Open access

I J Bujalska, L L Gathercole, J W Tomlinson, C Darimont, J Ermolieff, A N Fanjul, P A Rejto and P M Stewart

Glucocorticoid excess increases fat mass, preferentially within omental depots; yet circulating cortisol concentrations are normal in most patients with metabolic syndrome (MS). At a pre-receptor level, 11β-hydroxysteroid dehydrogenase type 1 (11β-HSD1) activates cortisol from cortisone locally within adipose tissue, and inhibition of 11β-HSD1 in liver and adipose tissue has been proposed as a novel therapy to treat MS by reducing hepatic glucose output and adiposity. Using a transformed human subcutaneous preadipocyte cell line (Chub-S7) and human primary preadipocytes, we have defined the role of glucocorticoids and 11β-HSD1 in regulating adipose tissue differentiation. Human cells were differentiated with 1.0 μM cortisol (F), or cortisone (E) with or without 100 nM of a highly selective 11β-HSD1 inhibitor PF-877423. 11β-HSD1 mRNA expression increased across adipocyte differentiation (P<0.001, n=4), which was paralleled by an increase in 11β-HSD1 oxo-reductase activity (from nil on day 0 to 5.9±1.9 pmol/mg per h on day 16, P<0.01, n=7). Cortisone enhanced adipocyte differentiation; fatty acid-binding protein 4 expression increased 312-fold (P<0.001) and glycerol-3-phosphate dehydrogenase 47-fold (P<0.001) versus controls. This was abolished by co-incubation with PF-877423. In addition, cellular lipid content decreased significantly. These findings were confirmed in the primary cultures of human subcutaneous preadipocytes. The increase in 11β-HSD1 mRNA expression and activity is essential for the induction of human adipogenesis. Blocking adipogenesis with a novel and specific 11β-HSD1 inhibitor may represent a novel approach to treat obesity in patients with MS.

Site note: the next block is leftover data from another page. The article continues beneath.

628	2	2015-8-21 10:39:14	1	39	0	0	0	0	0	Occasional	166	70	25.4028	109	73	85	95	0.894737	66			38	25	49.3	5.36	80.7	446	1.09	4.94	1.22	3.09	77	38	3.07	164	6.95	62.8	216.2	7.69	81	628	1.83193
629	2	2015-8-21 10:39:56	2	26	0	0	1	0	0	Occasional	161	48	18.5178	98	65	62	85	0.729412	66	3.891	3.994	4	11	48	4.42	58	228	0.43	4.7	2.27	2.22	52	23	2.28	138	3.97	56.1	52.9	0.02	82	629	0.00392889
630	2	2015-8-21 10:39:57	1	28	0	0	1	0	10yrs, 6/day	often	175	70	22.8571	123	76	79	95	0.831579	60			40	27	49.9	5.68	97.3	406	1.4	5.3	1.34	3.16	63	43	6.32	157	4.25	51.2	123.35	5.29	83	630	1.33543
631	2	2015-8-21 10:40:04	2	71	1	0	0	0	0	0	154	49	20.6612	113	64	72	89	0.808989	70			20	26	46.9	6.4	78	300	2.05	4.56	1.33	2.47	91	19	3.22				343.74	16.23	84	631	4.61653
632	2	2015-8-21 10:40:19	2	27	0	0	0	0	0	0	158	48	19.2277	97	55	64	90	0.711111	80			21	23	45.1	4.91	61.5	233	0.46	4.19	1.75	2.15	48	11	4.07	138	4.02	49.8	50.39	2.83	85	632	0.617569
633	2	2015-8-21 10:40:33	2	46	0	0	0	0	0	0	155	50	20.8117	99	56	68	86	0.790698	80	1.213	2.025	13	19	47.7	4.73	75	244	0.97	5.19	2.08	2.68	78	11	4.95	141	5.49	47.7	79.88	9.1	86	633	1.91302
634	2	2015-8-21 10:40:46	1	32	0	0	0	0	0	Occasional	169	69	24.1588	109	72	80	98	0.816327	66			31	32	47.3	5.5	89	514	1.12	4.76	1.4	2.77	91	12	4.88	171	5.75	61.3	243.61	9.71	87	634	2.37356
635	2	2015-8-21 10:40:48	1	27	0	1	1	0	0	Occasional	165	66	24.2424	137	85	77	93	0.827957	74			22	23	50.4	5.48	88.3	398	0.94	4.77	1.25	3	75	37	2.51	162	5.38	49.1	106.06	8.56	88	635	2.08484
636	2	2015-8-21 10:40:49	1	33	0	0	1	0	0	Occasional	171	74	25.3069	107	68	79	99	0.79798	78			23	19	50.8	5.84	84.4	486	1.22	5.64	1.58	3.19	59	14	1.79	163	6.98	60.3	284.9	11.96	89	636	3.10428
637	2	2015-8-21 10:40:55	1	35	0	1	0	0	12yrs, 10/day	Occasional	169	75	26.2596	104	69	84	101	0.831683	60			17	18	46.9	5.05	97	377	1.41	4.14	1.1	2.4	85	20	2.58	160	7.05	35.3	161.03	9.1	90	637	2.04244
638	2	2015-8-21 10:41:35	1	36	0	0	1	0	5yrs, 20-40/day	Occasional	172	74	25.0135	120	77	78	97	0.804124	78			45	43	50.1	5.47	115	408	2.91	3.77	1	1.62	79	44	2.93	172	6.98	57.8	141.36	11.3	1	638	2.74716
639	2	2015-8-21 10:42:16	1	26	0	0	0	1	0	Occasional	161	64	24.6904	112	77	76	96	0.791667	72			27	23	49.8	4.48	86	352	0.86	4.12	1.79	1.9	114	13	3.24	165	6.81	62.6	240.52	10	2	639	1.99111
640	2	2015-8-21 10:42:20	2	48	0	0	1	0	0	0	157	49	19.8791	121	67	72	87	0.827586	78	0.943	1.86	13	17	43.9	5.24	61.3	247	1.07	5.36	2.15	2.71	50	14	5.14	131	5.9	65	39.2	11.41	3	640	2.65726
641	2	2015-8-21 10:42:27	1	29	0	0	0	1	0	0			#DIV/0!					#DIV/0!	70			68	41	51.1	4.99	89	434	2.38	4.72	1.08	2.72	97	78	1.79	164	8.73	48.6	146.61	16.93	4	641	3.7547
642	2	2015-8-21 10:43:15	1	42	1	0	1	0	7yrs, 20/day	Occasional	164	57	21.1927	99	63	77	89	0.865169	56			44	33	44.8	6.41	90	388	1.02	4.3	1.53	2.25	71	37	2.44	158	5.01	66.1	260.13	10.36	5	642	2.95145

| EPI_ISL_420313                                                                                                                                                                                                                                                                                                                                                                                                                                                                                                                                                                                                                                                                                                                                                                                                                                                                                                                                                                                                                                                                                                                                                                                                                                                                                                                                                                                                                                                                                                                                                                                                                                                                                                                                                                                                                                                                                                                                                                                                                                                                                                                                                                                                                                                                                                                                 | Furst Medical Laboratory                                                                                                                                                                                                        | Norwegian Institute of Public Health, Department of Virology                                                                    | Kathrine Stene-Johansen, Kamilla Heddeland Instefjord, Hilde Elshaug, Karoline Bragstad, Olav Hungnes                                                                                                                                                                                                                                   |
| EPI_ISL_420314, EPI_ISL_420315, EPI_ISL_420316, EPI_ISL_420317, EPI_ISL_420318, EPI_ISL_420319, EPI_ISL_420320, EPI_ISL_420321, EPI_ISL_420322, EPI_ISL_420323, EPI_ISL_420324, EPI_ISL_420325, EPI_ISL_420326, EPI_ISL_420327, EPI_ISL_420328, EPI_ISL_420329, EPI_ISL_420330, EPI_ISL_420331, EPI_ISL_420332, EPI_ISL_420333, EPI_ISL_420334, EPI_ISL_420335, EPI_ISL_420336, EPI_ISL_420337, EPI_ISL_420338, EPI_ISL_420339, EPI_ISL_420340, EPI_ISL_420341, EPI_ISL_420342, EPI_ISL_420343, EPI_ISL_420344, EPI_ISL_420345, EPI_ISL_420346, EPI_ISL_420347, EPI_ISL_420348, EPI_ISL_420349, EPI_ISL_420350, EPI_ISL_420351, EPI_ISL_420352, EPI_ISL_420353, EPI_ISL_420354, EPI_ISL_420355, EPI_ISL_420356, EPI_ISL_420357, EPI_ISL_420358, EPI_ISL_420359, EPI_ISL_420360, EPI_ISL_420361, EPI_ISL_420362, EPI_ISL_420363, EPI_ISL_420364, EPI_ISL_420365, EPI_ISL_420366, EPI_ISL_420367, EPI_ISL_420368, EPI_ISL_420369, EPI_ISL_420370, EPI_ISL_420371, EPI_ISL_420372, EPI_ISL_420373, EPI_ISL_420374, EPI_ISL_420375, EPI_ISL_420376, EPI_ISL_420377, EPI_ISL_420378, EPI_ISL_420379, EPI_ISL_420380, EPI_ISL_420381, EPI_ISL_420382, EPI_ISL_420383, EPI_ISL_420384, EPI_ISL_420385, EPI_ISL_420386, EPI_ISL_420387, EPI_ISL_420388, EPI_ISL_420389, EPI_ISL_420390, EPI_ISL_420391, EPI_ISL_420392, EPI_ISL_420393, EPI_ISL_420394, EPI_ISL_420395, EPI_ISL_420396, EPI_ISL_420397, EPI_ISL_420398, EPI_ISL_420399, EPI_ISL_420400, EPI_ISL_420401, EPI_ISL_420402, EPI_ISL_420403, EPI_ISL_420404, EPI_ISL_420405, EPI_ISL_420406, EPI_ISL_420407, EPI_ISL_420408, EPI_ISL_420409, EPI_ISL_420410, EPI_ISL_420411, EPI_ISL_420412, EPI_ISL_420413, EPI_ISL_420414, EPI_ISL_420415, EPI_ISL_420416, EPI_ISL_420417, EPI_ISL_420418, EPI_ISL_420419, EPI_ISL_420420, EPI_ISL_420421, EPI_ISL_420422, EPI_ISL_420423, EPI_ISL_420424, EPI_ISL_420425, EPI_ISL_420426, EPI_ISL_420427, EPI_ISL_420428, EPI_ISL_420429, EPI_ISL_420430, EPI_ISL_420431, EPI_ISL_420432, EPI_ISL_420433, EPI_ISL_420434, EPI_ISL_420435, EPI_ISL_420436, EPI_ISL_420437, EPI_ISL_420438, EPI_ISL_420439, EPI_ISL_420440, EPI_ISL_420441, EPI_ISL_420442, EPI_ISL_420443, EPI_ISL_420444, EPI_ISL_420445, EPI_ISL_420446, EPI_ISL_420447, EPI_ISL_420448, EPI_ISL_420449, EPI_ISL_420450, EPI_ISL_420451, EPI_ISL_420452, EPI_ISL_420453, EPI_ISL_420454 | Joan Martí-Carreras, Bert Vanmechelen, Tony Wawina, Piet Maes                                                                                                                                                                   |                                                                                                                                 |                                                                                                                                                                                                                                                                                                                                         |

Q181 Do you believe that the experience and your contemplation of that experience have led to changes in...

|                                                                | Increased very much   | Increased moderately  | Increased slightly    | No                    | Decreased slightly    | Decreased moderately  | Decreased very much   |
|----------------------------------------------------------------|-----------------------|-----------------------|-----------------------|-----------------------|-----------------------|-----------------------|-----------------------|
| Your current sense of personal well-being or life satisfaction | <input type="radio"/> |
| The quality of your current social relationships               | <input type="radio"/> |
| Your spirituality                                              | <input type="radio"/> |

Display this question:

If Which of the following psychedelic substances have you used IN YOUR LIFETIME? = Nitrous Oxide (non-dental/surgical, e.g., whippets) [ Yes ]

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AnneMarie Gagnon, Charlie Foster, Anne Landry and Alexander Sorisky

When adipose tissue accumulates in obesity, the ability of preadipocytes to differentiate permits a hyperplastic expansion of functional adipocytes that preserves insulin sensitivity. Adipose infiltration by macrophages is associated with an adipogenic deficit and the appearance of inflamed, insulin-resistant hypertrophied adipocytes. Interleukin 1β (IL1β) has been reported to account for the anti-adipogenic action of macrophages in a mouse model. Using the THP-1 human macrophage cell line and human primary preadipocytes, our objective was to determine whether IL1β was necessary for the ability of conditioned medium from THP-1 macrophages (THP-1-MacCM) to: i) stimulate human preadipocyte inhibitor of κB kinase β (IKKβ) and ii) inhibit human adipocyte differentiation. IL1β is present in THP-1-MacCM, and THP-1-MacCM or IL1β (500 pg/ml; its concentration in THP-1-MacCM) acutely stimulated IKKβ phosphorylation and inhibitor of κB (IκB) degradation in preadipocytes. IL1β was sufficient to inhibit adipogenesis on its own, and this was blocked by SC-514, an IKKβ inhibitor, as has been reported for THP-1-MacCM. IκB degradation by IL1β-immunodepleted THP-1-MacCM was attenuated, whereas IKKβ phosphorylation and the inhibition of adipocyte differentiation were unchanged. Therefore, in contrast to what has been suggested for mouse cell models, IL1β is not required for the ability of MacCM to inhibit adipogenesis in human cell models.